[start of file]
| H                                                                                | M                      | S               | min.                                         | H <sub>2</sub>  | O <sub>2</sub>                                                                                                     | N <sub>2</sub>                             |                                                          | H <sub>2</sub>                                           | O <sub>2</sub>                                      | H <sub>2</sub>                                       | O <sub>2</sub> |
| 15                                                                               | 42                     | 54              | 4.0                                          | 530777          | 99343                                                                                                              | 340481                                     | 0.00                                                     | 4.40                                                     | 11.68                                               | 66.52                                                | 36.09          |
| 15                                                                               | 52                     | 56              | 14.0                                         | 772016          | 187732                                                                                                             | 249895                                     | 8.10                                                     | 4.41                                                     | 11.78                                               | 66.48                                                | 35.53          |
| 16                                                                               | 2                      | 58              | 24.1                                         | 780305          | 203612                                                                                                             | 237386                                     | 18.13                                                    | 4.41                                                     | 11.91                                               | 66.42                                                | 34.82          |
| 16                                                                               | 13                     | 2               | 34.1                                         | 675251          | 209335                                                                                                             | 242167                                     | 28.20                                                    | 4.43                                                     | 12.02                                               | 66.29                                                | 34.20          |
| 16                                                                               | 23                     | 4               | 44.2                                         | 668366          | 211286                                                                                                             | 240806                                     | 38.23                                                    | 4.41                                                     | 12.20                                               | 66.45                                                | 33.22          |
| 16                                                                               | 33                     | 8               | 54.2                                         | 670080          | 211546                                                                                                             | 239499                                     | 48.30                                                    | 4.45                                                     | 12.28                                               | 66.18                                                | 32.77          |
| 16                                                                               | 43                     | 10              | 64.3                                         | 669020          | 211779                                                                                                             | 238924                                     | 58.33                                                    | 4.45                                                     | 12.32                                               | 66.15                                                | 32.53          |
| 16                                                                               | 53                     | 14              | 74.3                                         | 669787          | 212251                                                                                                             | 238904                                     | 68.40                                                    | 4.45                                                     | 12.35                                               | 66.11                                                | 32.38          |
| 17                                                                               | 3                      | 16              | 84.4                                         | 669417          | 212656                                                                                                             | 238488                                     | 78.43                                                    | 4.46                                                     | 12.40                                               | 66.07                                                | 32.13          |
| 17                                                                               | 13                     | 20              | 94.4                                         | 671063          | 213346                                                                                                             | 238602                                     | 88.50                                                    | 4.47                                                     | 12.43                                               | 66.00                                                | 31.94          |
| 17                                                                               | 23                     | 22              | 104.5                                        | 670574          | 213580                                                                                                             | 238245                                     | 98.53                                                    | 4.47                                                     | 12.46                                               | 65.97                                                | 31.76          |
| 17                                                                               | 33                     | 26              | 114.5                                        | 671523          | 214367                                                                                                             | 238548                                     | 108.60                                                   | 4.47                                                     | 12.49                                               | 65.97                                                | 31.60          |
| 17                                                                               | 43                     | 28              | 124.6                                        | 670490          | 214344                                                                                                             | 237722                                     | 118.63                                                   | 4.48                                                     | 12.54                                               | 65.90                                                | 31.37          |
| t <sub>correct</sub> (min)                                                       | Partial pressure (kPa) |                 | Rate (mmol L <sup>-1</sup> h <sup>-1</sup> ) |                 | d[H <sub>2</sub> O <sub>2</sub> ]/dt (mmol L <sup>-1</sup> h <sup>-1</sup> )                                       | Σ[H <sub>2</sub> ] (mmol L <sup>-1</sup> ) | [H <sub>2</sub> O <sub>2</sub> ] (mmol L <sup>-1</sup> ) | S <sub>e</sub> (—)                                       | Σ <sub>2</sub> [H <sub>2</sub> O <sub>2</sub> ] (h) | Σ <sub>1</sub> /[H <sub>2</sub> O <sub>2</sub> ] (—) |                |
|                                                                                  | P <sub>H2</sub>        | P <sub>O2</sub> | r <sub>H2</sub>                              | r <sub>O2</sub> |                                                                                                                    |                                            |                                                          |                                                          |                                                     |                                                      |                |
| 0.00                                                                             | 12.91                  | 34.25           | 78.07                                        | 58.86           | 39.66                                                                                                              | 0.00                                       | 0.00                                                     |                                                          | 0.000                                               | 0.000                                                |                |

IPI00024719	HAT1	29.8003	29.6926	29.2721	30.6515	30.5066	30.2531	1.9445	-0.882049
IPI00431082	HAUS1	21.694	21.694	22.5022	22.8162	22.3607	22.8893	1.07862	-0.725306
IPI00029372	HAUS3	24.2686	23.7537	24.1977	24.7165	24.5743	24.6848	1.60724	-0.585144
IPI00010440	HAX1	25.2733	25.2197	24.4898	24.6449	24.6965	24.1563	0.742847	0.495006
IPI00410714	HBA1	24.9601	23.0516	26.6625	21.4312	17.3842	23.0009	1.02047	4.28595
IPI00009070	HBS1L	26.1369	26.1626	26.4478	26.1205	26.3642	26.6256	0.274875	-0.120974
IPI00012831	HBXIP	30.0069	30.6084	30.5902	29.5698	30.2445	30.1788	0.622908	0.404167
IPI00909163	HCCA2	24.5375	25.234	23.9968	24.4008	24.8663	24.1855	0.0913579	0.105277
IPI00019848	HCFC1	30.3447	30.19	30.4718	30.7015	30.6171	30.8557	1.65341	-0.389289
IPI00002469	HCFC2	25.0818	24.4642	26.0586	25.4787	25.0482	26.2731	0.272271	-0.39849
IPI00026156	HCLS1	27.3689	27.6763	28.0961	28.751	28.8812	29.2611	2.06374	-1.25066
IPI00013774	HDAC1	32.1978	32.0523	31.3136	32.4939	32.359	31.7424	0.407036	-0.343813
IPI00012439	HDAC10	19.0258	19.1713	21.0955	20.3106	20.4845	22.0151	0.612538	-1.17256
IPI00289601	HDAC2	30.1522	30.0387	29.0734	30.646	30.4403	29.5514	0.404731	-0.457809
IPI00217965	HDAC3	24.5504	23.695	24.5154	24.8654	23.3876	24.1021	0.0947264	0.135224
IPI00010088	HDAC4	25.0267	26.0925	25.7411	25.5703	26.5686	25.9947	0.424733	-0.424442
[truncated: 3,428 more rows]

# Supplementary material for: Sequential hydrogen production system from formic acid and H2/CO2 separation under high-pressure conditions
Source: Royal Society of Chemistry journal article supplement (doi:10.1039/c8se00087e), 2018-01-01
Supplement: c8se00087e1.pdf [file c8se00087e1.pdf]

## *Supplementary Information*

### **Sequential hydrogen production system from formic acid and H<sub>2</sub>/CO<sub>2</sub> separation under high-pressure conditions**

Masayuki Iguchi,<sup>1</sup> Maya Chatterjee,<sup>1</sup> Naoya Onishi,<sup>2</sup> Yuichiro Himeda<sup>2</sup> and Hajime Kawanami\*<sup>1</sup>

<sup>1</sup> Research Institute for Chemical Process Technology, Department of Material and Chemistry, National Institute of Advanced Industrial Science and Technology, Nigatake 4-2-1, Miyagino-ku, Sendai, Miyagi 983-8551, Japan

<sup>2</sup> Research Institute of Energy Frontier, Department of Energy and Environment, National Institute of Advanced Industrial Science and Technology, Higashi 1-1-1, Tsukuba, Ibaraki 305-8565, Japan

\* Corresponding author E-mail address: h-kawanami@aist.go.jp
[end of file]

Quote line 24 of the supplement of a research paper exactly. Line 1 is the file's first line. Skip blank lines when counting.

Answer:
IPI00012831	HBXIP	30.0069	30.6084	30.5902	29.5698	30.2445	30.1788	0.622908	0.404167